Battleground 2020Elections 2020IssuesTexas Battleground: Dallas-Area House District 108 Top Democrat Target in 2020

Only nine seats shy of the majority in the state house, Texas Democrats will attempt to flip this Dallas and Highland Park district next year.
July 1, 2019

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During the 2018 general election, four races in Texas could not immediately be called on election night as the results were simply too close. 

One of those was state House District 108, a district that includes a large swath of downtown Dallas and all of both Highland Park and University Park. 

Incumbent Rep. Morgan Meyer (R-Dallas) drew a formidable challenger in Democrat Joanna Cattanach, and it became clear that regardless who the winner turned out to be, the Dallas district would be a clear battleground come 2020.

After the race was finally called nearly a month later, Meyer prevailed over Cattanach with 50.1 percent of the vote and a razor-thin 220 vote margin

The race was a sharp contrast to previous election years. 

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In fact, there wasn’t even a Democrat on the ballot running against Meyer in 2016. That year, Meyer defeated his libertarian opponent by a whopping 45-point margin.

In 2014, Meyer did draw a Democrat opponent. However, he won by almost 9,000 votes and a convincing 21-point margin.

Despite the competitiveness of the 2018 election, Meyer returned to the statehouse for a third term and will be running to secure a fourth. 

Joanna Cattanach kicked off her official bid for a rematch against Meyer on June 20. She is married with two children and has worked as a journalism instructor at Dallas County Community College and the University of North Texas.

However, she will have company in the Democratic primary as several challengers have thrown their hats in the ring including Tom Ervin and Shawn Terry.

Ervin serves as a Democratic precinct chair in Dallas County. On his website, Ervin emphasizes the prominence of the women who worked with him on his campaign for the local position, stating, “I am proud and honored that my earliest supporters are strong women activists who also knocked on thousands of doors.”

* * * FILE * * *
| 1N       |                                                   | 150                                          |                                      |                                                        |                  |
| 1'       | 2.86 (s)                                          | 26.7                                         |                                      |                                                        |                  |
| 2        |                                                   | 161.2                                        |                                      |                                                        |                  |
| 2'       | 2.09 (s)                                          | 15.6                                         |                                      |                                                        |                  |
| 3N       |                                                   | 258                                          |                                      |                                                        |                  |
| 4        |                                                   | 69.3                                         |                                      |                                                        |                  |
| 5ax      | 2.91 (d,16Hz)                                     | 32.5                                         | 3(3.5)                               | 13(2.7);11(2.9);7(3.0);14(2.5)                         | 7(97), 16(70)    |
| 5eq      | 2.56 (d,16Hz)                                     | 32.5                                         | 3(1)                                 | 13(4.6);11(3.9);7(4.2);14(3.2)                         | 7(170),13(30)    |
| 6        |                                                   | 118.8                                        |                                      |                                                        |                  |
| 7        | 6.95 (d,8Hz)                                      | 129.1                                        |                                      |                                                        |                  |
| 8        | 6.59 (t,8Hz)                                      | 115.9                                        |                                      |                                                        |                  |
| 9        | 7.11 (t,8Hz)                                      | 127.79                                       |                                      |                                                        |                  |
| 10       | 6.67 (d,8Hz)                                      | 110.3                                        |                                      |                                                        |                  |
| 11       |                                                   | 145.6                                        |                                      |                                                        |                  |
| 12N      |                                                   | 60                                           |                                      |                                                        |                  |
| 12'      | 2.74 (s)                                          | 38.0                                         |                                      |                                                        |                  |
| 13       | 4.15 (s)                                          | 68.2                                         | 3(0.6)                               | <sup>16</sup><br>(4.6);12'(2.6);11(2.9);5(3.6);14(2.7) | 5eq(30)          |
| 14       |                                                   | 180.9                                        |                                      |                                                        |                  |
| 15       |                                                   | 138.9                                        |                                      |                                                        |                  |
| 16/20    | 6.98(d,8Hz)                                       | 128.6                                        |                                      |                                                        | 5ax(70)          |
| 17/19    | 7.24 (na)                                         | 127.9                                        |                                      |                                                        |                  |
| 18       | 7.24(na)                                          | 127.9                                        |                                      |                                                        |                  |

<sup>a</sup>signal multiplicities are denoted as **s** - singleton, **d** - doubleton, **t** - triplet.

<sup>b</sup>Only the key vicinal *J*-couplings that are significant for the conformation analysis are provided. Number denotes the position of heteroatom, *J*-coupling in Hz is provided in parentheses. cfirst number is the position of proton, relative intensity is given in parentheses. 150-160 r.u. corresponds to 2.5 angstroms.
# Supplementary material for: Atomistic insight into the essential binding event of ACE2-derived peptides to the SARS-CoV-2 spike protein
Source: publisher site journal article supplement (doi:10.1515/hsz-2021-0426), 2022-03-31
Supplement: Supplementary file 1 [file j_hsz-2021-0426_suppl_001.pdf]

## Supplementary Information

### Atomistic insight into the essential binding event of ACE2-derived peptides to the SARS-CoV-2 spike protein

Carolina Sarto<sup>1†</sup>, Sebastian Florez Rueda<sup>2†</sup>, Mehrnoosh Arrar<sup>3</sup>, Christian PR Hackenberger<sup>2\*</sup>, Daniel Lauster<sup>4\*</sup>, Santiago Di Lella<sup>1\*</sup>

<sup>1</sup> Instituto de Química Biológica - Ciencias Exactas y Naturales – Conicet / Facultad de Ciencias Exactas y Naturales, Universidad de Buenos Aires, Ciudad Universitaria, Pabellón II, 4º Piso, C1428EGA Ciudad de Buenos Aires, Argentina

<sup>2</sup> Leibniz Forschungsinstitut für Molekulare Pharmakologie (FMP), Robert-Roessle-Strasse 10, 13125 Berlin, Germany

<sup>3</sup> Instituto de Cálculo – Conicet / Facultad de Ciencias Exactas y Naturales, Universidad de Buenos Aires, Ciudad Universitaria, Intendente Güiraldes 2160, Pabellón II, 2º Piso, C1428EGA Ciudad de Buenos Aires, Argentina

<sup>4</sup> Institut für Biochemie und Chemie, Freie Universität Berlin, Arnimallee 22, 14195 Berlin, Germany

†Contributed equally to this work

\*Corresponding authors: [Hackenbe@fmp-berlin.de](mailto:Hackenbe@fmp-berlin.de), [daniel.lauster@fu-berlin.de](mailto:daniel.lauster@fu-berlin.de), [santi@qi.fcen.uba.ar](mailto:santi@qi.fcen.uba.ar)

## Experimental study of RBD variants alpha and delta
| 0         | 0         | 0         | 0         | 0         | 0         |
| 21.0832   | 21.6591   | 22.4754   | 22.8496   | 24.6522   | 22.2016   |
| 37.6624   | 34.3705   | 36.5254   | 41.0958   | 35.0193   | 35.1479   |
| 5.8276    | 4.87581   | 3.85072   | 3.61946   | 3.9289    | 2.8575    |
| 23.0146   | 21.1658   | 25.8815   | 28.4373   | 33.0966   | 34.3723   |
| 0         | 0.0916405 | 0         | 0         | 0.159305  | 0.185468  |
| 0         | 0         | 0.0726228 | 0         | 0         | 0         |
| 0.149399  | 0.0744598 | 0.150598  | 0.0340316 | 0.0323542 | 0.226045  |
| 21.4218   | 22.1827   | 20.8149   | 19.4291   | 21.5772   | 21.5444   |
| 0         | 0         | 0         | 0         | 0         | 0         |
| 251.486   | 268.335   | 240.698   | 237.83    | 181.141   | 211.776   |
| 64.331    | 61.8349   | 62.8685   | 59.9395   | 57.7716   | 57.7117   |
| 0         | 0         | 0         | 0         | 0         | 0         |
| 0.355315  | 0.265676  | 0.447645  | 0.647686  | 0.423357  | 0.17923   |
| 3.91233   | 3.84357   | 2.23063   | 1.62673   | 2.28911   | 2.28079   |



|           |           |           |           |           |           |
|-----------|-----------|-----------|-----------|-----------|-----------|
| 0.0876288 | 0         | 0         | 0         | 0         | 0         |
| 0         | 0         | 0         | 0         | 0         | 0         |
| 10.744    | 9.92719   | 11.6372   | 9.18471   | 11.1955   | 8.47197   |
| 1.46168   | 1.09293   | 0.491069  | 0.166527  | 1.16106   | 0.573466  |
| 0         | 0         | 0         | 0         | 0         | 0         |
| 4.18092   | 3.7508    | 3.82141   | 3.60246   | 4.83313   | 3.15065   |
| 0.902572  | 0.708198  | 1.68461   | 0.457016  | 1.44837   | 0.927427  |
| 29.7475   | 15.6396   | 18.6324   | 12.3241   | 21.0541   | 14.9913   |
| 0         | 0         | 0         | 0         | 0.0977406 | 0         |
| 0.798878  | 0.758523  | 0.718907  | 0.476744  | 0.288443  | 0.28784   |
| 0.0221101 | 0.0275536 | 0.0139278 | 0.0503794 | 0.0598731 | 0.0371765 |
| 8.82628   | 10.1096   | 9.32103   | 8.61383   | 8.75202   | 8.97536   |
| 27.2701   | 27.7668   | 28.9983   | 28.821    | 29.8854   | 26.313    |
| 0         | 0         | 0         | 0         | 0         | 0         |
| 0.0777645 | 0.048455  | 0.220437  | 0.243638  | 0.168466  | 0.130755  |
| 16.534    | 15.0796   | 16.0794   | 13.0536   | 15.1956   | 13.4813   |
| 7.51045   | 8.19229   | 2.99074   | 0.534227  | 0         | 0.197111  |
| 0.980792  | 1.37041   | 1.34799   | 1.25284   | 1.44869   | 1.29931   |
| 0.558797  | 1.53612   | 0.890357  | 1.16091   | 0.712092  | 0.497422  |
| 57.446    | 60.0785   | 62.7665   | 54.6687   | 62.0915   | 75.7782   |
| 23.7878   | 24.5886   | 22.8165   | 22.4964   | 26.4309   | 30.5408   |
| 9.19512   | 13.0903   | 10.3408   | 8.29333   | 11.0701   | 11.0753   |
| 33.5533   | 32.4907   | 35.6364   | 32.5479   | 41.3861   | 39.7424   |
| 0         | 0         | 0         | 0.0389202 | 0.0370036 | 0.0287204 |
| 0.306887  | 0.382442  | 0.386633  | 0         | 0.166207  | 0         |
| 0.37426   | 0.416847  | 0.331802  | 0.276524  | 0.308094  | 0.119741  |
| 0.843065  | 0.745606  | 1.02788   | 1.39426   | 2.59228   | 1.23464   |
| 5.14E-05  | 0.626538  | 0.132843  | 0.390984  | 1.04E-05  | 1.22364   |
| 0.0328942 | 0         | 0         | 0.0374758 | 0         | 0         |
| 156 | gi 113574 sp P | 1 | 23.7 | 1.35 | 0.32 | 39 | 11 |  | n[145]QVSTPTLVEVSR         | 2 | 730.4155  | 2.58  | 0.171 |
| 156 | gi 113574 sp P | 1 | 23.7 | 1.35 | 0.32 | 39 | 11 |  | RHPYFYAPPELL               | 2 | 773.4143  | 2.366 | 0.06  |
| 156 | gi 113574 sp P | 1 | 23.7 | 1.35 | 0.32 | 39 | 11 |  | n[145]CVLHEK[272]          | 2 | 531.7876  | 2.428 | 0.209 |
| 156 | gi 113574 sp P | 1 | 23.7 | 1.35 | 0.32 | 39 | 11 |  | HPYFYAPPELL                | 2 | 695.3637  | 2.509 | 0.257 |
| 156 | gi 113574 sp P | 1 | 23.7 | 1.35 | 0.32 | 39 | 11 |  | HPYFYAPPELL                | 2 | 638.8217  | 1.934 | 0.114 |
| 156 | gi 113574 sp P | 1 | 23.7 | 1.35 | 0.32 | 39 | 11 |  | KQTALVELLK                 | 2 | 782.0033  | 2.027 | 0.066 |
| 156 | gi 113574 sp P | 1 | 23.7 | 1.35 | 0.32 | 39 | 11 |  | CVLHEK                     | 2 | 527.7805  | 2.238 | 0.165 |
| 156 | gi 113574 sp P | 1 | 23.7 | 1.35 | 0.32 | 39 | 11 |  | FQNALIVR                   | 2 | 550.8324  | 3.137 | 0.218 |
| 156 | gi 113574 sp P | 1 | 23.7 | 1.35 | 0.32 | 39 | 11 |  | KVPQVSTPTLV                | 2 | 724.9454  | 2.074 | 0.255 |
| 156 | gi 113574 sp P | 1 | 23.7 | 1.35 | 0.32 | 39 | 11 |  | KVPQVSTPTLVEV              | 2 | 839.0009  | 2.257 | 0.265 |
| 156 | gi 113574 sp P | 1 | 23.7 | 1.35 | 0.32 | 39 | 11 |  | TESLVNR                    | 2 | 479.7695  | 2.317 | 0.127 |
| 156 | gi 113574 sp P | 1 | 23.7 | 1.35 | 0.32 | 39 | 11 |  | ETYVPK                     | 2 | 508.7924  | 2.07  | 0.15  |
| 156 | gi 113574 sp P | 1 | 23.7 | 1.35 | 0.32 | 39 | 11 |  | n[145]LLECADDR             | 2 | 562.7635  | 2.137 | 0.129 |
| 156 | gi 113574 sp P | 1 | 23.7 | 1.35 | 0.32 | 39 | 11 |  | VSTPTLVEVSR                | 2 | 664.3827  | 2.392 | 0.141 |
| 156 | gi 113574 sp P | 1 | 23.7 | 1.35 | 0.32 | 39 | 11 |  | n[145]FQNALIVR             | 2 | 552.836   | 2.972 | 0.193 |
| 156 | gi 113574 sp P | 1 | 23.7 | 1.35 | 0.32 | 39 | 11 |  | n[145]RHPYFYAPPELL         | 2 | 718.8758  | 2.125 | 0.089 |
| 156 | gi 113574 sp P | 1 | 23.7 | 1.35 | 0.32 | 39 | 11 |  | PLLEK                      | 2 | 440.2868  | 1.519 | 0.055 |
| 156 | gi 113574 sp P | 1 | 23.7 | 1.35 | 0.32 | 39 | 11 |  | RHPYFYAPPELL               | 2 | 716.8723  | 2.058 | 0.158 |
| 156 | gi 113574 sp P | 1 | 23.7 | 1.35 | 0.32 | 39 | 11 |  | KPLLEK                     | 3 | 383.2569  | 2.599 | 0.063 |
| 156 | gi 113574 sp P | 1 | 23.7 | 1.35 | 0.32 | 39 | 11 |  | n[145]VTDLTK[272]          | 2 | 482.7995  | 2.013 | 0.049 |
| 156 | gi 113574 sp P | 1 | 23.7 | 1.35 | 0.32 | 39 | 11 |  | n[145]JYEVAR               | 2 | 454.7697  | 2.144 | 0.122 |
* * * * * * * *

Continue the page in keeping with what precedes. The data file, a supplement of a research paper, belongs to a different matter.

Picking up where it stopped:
Terry, an investment banking executive, posted a statement about his entrance into the race on Facebook. 

“I’m confident we will wage a winning campaign and I will be able to help improve our schools, broaden access to health care and help Texas pass an anti-discrimination bill!”

In 1998, Terry ran for Congressional District 24 as a Republican and lost to Democrat incumbent Rep. Martin Frost. That seat is currently held by Rep. Kenny Marchant (R-TX-24) and is one of the six districts the Democratic Congressional Campaign Committee has publicly chosen to target in Texas during the next election cycle. 

House District 108 lies entirely within the confines of Dallas County. Southern Methodist University also sits right in the heart of the district. 

According to data compiled by the Texas Legislative Council, roughly 65 percent of residents in HD 108 over the age of 25 have a bachelor’s degree or higher. Almost 40 percent of households in the district have annual incomes of $100,000 or more.

This past session, Meyer dropped on Mark Jones’ Rice University rankings from 2017, ranking as the seventh most liberal Republican in the Texas House. 

Meyer chaired the House Committee on General Investigating during the 86th Legislature. He is married with three children and works as a lawyer for Wick Phillips specializing in commercial litigation. 


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McKenzie DiLullo

McKenzie DiLullo serves as Senior Editor and resident plate-spinner for The Texan. Previously, she worked as State Representative Kyle Biedermann’s Capitol Director during the 85th legislative session before moving to Fort Worth to manage Senator Konni Burton’s campaign. In her free time, you might find her enjoying dog memes, staring at mountains, or proctoring personality tests.